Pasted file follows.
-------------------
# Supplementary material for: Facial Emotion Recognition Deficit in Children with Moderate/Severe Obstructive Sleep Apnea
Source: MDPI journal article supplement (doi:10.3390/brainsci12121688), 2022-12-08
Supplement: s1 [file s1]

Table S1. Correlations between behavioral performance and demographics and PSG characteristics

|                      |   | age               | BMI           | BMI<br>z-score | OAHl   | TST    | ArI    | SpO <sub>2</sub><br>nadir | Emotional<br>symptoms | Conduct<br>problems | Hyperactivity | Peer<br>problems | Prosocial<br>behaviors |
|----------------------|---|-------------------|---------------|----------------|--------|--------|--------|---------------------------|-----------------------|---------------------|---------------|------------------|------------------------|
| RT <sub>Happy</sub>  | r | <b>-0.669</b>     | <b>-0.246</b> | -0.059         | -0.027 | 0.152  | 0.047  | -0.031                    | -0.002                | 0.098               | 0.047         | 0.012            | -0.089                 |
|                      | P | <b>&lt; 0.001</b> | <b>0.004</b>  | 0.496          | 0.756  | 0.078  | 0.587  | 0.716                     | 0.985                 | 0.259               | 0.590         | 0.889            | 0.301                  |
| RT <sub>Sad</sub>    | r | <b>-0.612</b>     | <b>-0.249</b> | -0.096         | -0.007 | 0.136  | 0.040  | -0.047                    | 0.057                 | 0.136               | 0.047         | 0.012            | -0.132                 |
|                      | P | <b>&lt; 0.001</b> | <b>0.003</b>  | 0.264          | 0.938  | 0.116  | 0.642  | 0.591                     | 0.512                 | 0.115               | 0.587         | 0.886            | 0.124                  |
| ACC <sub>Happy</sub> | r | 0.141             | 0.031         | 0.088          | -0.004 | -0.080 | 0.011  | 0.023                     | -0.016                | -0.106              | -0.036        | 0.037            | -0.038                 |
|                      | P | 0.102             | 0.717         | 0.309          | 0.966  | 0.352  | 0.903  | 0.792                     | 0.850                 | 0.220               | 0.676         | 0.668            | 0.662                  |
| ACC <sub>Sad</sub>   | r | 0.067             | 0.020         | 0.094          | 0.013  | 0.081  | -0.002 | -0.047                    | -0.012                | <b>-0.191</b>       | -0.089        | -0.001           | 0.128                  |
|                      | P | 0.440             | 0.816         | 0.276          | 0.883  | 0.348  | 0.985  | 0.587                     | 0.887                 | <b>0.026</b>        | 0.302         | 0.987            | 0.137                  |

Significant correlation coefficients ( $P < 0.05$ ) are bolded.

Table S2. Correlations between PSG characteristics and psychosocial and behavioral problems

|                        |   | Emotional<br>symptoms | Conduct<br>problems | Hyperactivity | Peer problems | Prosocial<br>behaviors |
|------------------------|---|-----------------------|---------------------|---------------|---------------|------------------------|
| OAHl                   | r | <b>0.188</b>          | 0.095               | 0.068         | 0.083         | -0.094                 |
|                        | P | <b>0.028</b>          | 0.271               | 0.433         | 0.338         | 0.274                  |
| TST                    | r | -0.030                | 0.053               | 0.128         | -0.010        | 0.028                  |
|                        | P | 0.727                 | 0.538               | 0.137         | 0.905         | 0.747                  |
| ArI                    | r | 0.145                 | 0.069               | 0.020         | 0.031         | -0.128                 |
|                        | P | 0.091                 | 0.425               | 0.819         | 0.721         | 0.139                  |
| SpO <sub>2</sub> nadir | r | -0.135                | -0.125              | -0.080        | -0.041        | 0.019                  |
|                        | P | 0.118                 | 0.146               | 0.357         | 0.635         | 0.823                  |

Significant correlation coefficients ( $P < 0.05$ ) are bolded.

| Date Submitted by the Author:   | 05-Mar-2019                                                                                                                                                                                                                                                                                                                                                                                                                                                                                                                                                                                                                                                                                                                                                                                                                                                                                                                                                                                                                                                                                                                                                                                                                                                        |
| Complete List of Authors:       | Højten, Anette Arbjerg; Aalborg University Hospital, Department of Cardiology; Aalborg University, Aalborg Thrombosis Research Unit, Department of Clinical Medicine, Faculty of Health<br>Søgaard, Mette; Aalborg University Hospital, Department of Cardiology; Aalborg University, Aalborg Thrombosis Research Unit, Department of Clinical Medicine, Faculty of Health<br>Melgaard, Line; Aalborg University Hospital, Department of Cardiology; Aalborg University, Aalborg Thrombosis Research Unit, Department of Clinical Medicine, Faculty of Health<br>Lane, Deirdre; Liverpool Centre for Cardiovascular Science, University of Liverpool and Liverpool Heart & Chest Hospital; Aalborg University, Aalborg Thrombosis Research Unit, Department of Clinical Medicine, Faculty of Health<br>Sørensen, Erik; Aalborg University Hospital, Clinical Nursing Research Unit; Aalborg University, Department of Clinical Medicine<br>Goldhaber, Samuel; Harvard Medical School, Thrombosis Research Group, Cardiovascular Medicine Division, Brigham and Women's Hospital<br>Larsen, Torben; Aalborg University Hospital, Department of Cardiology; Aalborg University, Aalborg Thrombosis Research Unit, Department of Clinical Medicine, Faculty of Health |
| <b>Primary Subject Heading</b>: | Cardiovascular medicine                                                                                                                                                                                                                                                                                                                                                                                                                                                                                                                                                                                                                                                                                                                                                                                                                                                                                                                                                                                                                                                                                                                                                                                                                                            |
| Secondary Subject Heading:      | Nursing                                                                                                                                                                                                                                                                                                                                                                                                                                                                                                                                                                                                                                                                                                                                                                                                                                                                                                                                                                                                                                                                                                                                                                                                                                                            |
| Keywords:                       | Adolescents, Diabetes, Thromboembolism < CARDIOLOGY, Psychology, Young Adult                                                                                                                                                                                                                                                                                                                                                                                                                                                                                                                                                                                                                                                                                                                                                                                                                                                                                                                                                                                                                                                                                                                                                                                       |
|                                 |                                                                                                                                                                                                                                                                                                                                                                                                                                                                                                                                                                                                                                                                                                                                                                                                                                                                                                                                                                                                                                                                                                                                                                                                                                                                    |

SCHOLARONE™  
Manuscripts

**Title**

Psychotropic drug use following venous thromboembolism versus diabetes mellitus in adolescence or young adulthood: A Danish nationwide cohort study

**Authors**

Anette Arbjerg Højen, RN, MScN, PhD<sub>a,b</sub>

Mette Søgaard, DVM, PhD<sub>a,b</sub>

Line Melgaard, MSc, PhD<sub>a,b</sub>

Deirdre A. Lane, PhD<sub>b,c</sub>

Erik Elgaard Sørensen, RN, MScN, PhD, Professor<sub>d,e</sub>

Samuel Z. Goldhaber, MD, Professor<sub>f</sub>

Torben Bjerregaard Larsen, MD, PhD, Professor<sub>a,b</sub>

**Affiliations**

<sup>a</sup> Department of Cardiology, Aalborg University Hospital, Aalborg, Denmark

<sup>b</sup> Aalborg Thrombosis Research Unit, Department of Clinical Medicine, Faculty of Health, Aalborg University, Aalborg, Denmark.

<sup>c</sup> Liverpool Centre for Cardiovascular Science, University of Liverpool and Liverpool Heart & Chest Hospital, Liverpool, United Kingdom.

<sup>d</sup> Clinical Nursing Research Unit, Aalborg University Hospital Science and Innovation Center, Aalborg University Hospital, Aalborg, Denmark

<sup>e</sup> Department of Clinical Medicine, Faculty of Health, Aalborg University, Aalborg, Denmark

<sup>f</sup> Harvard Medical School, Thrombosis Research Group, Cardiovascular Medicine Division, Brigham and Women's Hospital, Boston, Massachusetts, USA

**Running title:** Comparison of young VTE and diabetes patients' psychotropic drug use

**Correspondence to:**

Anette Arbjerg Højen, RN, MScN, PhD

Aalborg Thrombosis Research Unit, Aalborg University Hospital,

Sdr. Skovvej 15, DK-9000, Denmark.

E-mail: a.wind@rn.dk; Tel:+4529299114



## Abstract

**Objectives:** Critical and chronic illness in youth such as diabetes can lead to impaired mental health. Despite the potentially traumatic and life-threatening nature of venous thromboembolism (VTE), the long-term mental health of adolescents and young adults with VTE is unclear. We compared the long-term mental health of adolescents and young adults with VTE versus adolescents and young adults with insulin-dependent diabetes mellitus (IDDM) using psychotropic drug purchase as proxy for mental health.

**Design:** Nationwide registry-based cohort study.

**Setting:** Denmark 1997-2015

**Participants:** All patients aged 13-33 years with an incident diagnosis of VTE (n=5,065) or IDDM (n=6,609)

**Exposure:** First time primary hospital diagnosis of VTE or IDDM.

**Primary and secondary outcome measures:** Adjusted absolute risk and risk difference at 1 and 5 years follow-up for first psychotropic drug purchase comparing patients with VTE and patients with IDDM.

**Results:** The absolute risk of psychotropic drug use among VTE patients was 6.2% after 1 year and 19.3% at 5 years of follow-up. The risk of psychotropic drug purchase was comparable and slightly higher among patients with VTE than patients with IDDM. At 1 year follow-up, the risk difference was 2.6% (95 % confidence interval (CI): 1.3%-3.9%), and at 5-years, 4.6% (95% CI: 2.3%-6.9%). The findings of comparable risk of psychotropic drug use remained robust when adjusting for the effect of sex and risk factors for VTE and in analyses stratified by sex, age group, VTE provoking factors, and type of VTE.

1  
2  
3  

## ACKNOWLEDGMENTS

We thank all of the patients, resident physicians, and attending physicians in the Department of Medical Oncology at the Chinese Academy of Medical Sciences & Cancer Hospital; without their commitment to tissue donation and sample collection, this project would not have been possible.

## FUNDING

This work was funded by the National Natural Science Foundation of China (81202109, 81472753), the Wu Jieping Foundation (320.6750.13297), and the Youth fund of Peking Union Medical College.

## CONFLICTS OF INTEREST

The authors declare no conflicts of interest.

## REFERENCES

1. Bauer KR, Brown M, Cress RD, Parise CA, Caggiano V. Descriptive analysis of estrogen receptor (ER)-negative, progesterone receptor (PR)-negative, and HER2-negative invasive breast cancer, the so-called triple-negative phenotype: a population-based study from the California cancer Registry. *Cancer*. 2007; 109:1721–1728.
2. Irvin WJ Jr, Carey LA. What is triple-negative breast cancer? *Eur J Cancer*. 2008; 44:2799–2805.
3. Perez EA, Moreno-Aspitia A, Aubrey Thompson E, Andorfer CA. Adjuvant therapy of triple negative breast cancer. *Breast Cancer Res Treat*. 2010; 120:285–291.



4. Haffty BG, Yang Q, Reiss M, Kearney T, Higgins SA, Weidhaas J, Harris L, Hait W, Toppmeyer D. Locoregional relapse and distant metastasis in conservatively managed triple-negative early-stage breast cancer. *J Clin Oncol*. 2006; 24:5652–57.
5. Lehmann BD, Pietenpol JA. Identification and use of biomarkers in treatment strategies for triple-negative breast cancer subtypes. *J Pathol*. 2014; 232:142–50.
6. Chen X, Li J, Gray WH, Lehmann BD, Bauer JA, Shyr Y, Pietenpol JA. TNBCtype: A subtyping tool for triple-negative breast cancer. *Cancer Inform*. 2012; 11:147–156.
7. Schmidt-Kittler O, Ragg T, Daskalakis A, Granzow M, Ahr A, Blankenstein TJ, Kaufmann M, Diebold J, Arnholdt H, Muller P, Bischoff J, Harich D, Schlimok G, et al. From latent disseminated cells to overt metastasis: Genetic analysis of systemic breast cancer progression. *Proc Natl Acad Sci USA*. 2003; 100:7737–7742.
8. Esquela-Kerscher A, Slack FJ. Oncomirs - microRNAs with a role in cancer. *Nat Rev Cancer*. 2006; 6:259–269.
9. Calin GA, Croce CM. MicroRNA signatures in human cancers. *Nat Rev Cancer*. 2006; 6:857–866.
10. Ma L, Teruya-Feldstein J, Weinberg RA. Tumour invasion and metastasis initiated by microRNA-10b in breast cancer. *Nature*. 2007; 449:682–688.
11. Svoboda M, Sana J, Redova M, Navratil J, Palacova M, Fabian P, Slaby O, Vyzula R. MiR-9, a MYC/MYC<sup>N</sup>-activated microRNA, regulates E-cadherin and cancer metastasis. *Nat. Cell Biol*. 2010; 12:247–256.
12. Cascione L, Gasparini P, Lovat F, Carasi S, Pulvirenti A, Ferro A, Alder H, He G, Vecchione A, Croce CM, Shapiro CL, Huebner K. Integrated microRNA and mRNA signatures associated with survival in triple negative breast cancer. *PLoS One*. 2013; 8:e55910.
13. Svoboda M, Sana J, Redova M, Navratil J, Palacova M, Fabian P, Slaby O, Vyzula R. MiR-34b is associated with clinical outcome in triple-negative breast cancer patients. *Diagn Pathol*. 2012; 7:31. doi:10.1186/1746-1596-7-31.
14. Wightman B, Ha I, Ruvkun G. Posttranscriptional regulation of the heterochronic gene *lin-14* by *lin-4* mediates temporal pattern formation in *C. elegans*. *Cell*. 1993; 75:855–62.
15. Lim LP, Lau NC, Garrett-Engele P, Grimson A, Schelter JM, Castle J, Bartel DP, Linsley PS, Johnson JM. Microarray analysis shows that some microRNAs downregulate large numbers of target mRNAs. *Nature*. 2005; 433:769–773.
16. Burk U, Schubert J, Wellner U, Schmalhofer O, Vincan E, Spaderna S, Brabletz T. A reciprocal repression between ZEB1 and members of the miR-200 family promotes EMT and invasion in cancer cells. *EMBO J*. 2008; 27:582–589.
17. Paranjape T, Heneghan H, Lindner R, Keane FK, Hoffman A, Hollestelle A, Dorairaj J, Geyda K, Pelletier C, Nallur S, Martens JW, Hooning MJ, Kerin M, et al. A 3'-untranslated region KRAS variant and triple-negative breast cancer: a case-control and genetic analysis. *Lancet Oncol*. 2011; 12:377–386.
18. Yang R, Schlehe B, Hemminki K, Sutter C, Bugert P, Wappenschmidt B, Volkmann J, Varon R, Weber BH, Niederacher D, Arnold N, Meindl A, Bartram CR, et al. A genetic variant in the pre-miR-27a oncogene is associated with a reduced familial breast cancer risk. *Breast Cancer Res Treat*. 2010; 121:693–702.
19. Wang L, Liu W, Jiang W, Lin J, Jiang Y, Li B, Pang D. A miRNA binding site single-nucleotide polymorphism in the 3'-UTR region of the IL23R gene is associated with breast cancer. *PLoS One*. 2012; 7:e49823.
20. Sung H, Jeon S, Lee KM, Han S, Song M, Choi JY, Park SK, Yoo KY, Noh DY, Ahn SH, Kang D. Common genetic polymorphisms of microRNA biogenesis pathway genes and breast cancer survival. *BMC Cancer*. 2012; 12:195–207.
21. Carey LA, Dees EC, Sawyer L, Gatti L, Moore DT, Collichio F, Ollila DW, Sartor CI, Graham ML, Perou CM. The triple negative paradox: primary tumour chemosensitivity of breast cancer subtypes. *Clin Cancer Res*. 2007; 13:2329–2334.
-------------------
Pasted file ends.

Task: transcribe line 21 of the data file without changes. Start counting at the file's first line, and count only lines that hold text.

| TST                    | r | -0.030                | 0.053               | 0.128         | -0.010        | 0.028                  |